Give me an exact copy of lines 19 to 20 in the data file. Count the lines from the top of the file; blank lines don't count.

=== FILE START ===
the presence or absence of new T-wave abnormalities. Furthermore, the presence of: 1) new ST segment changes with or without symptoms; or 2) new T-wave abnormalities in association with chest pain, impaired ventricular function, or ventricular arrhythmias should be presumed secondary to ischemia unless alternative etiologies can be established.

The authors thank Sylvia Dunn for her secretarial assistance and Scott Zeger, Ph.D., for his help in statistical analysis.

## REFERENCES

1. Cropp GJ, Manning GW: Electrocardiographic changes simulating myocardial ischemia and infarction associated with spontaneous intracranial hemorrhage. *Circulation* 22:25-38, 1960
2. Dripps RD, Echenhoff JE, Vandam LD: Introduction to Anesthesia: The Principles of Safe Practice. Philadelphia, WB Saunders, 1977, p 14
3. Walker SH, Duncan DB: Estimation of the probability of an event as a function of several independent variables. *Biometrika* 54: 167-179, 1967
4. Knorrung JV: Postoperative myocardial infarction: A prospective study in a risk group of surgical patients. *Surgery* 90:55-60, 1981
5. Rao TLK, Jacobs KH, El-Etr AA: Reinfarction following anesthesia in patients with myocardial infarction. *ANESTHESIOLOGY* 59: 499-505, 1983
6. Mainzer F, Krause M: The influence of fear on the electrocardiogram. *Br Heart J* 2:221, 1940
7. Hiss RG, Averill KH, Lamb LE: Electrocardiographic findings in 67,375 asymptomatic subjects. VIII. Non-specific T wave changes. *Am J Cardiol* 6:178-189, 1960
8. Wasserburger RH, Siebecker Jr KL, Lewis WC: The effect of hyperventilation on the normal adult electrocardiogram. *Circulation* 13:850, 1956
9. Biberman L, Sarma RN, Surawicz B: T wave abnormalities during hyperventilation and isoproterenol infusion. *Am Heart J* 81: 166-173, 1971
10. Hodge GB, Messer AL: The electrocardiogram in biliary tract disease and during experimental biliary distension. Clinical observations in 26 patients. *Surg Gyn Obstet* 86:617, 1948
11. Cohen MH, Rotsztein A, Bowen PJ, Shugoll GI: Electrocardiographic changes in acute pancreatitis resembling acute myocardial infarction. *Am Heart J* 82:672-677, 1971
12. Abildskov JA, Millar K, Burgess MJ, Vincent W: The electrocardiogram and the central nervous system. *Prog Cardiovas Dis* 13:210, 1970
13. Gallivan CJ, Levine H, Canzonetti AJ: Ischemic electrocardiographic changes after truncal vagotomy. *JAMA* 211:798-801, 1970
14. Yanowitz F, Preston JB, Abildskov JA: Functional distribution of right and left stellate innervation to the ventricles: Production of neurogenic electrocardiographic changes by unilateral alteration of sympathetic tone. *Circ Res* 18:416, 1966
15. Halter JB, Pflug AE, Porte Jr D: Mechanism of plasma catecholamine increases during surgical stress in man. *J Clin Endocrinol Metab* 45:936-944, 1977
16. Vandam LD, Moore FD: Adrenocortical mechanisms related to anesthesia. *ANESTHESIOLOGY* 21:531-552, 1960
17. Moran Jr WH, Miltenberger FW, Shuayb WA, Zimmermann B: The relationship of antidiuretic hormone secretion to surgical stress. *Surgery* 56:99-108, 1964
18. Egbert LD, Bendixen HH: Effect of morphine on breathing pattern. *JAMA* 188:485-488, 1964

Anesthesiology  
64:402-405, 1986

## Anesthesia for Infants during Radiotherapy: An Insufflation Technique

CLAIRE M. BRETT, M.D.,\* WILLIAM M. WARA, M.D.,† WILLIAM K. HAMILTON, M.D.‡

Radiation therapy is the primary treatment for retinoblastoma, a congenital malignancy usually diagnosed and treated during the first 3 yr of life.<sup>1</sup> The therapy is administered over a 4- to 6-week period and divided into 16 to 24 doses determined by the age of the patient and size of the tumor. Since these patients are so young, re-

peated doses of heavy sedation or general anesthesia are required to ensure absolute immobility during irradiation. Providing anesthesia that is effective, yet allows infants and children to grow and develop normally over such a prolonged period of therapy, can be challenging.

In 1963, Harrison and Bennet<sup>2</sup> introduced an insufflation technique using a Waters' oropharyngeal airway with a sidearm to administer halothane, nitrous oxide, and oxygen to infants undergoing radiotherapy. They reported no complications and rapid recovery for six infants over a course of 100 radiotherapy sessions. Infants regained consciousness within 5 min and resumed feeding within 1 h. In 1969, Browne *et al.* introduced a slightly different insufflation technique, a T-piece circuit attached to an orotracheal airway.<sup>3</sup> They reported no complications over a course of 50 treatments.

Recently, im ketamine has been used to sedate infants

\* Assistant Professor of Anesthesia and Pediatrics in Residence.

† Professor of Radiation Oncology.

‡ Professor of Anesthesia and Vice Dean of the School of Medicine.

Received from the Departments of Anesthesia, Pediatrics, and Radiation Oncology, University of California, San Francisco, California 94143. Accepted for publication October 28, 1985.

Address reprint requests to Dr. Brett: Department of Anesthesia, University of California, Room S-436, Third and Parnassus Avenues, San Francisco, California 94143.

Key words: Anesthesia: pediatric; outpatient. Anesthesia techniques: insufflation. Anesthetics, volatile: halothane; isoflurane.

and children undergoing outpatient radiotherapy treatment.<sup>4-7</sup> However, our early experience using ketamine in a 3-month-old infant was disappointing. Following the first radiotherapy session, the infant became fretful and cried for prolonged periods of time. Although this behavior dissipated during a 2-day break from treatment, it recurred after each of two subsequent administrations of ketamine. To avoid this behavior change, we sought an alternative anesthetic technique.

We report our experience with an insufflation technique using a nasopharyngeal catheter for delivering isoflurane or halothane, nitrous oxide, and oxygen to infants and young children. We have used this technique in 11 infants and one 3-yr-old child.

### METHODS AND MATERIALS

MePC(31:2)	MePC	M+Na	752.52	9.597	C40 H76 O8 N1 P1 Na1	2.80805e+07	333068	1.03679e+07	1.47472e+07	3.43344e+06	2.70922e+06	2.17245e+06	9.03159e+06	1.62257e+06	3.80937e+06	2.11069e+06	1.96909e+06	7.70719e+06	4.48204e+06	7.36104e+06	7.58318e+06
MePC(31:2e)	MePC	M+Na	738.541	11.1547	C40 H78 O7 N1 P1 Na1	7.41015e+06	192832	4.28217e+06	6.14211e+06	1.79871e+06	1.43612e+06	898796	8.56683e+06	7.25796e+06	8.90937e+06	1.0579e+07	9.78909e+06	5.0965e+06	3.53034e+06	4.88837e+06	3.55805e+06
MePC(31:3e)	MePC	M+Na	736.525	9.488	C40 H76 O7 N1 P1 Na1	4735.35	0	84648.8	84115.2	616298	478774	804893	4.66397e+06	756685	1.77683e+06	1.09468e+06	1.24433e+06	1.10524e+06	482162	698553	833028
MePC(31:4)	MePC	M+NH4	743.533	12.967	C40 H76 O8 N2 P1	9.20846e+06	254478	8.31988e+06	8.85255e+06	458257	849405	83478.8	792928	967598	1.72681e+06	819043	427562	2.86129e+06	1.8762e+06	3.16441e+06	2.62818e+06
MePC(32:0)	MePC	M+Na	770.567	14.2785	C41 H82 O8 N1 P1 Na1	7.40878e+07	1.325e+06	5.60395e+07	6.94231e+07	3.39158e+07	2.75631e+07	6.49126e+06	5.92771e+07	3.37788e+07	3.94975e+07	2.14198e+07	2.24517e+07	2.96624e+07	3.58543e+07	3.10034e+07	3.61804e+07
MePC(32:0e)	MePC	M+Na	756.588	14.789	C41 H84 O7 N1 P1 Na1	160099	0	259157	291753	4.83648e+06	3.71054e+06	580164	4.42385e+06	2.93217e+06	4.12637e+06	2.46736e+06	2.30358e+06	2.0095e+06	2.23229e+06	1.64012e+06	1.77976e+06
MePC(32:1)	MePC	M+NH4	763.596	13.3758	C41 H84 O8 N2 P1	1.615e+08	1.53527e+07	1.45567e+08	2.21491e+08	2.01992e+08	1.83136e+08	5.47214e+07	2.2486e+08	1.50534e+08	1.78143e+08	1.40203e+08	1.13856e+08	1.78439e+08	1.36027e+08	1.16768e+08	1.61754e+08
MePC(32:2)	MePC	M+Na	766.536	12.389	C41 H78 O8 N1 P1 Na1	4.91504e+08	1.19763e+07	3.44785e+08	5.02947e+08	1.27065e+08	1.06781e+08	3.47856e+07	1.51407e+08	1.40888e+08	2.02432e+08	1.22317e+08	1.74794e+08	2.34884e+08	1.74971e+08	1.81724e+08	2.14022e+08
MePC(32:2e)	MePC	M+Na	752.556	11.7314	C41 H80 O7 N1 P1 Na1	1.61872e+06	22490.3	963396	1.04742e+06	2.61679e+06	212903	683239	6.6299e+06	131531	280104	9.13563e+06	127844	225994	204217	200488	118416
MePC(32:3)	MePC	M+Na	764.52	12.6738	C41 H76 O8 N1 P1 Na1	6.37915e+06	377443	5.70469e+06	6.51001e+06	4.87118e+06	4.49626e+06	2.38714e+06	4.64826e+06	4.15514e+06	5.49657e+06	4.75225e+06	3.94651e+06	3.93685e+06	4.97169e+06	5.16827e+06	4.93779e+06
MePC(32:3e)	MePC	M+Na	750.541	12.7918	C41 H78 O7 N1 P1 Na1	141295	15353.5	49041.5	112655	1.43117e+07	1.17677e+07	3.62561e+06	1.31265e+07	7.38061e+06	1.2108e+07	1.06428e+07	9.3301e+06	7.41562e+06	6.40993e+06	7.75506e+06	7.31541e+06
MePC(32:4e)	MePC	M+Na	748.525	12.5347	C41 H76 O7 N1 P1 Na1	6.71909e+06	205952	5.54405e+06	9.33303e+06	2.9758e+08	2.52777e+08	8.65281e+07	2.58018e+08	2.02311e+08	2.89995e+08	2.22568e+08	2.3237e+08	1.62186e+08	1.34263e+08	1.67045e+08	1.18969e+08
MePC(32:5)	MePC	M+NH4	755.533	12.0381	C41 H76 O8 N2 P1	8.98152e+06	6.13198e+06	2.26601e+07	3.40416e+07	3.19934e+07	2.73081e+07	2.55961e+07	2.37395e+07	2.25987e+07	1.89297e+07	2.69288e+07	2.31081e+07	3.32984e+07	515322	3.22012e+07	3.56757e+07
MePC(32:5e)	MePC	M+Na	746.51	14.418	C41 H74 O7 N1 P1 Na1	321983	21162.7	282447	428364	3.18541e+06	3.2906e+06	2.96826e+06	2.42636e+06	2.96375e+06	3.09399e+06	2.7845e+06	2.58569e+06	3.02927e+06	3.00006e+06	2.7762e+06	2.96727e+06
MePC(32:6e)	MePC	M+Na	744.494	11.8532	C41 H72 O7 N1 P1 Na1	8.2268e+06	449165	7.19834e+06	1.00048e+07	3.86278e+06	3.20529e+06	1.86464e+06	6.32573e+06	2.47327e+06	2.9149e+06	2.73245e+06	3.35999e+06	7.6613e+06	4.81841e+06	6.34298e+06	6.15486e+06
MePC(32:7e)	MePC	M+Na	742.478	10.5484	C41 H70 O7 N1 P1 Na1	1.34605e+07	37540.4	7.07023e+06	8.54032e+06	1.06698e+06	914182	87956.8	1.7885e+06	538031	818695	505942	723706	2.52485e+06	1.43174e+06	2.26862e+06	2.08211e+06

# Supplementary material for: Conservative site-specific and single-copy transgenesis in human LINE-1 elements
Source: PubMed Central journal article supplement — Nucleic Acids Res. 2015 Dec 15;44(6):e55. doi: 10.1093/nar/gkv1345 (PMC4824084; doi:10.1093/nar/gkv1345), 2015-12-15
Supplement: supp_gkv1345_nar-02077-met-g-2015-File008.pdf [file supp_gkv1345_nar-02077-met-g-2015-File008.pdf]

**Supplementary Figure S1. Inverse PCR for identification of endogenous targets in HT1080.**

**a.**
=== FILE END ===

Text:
16. Vandam LD, Moore FD: Adrenocortical mechanisms related to anesthesia. *ANESTHESIOLOGY* 21:531-552, 1960
17. Moran Jr WH, Miltenberger FW, Shuayb WA, Zimmermann B: The relationship of antidiuretic hormone secretion to surgical stress. *Surgery* 56:99-108, 1964